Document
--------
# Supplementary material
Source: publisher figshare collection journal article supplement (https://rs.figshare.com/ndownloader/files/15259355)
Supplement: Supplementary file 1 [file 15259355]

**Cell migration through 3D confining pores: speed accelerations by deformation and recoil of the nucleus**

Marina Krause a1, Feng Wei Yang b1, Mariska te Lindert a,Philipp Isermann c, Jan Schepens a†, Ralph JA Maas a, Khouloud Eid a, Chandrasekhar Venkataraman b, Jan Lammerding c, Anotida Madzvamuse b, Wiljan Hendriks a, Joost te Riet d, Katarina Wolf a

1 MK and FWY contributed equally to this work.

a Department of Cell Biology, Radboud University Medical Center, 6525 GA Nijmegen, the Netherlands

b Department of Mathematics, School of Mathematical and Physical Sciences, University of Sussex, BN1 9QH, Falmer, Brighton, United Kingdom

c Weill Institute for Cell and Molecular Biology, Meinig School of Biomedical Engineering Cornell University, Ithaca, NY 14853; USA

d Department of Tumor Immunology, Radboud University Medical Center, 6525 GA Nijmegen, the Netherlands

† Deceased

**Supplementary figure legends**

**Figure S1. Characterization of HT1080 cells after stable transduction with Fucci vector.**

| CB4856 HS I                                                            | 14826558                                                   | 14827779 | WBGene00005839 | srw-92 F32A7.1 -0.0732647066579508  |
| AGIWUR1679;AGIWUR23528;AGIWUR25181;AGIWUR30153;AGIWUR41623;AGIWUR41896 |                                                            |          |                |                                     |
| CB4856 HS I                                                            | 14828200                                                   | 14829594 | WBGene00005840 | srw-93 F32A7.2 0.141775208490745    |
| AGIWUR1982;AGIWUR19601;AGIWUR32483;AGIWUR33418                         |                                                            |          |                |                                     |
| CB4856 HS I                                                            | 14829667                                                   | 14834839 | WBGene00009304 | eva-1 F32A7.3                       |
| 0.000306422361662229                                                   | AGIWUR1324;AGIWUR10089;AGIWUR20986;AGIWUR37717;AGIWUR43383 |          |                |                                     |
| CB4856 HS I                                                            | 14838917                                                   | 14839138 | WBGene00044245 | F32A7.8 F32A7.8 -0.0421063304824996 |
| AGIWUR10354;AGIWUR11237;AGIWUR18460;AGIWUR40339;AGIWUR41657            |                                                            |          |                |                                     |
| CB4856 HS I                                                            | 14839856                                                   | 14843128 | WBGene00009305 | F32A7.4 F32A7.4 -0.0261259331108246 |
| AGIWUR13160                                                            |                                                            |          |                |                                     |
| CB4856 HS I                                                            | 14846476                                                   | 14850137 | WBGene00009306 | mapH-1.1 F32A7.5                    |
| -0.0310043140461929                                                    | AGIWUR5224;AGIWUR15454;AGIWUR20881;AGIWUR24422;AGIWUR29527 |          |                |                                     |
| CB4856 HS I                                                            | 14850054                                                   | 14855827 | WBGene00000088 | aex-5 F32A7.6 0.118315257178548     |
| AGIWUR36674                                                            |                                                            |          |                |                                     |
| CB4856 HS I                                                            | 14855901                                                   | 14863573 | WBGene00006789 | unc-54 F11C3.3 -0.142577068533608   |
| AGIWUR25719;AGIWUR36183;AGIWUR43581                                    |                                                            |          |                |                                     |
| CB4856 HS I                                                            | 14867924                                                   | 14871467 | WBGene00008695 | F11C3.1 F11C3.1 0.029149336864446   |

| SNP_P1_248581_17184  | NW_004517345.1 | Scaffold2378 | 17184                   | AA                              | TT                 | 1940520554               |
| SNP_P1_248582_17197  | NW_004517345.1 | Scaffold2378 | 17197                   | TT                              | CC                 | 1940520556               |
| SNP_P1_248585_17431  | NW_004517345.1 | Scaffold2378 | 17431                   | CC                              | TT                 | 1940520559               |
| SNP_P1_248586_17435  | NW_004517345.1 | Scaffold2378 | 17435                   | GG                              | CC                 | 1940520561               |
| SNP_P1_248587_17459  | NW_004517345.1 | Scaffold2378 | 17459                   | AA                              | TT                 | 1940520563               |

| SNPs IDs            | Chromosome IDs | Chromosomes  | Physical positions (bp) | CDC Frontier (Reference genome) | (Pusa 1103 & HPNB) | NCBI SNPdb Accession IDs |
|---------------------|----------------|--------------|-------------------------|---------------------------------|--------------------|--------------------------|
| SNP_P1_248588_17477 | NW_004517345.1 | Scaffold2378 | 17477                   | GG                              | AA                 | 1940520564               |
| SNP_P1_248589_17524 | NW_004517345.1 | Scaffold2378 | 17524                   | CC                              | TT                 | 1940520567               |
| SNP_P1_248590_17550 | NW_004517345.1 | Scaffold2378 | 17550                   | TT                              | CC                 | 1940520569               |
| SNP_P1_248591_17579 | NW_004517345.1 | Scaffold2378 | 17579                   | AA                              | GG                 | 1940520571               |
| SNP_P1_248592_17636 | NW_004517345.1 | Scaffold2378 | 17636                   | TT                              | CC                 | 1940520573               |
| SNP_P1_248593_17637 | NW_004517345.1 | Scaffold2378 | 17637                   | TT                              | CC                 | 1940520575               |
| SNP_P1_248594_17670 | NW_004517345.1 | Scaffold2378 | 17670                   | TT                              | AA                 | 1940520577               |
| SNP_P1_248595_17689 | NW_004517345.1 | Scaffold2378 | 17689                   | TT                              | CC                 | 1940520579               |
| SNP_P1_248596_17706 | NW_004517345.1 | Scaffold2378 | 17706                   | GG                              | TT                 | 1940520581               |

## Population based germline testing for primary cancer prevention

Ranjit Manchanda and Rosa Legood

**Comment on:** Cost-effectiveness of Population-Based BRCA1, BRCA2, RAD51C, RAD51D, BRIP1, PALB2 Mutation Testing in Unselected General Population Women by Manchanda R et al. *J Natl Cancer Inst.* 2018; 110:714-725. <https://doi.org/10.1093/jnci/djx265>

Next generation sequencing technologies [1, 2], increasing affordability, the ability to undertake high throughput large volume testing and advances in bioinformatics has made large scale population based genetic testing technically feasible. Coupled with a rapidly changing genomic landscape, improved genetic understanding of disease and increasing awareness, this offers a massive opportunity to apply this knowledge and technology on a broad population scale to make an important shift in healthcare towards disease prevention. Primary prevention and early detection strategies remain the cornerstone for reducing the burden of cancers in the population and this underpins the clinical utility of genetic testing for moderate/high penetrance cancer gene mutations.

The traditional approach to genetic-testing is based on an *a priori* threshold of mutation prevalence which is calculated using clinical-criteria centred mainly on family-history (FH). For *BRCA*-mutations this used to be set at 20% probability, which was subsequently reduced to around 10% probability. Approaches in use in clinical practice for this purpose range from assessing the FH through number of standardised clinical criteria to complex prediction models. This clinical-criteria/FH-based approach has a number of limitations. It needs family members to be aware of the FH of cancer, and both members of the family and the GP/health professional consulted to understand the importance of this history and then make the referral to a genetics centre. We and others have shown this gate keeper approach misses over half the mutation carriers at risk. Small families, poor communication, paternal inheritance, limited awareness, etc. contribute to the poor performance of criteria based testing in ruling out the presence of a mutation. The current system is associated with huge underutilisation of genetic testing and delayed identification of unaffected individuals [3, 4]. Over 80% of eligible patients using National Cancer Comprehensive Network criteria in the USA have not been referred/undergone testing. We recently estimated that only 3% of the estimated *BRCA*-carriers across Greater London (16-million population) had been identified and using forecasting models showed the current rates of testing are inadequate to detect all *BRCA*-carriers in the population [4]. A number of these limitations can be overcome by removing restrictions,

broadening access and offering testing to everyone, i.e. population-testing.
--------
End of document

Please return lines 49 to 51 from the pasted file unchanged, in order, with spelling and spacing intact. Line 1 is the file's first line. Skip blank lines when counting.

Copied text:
**Comment on:** Cost-effectiveness of Population-Based BRCA1, BRCA2, RAD51C, RAD51D, BRIP1, PALB2 Mutation Testing in Unselected General Population Women by Manchanda R et al. *J Natl Cancer Inst.* 2018; 110:714-725. <https://doi.org/10.1093/jnci/djx265>

Next generation sequencing technologies [1, 2], increasing affordability, the ability to undertake high throughput large volume testing and advances in bioinformatics has made large scale population based genetic testing technically feasible. Coupled with a rapidly changing genomic landscape, improved genetic understanding of disease and increasing awareness, this offers a massive opportunity to apply this knowledge and technology on a broad population scale to make an important shift in healthcare towards disease prevention. Primary prevention and early detection strategies remain the cornerstone for reducing the burden of cancers in the population and this underpins the clinical utility of genetic testing for moderate/high penetrance cancer gene mutations.

The traditional approach to genetic-testing is based on an *a priori* threshold of mutation prevalence which is calculated using clinical-criteria centred mainly on family-history (FH). For *BRCA*-mutations this used to be set at 20% probability, which was subsequently reduced to around 10% probability. Approaches in use in clinical practice for this purpose range from assessing the FH through number of standardised clinical criteria to complex prediction models. This clinical-criteria/FH-based approach has a number of limitations. It needs family members to be aware of the FH of cancer, and both members of the family and the GP/health professional consulted to understand the importance of this history and then make the referral to a genetics centre. We and others have shown this gate keeper approach misses over half the mutation carriers at risk. Small families, poor communication, paternal inheritance, limited awareness, etc. contribute to the poor performance of criteria based testing in ruling out the presence of a mutation. The current system is associated with huge underutilisation of genetic testing and delayed identification of unaffected individuals [3, 4]. Over 80% of eligible patients using National Cancer Comprehensive Network criteria in the USA have not been referred/undergone testing. We recently estimated that only 3% of the estimated *BRCA*-carriers across Greater London (16-million population) had been identified and using forecasting models showed the current rates of testing are inadequate to detect all *BRCA*-carriers in the population [4]. A number of these limitations can be overcome by removing restrictions,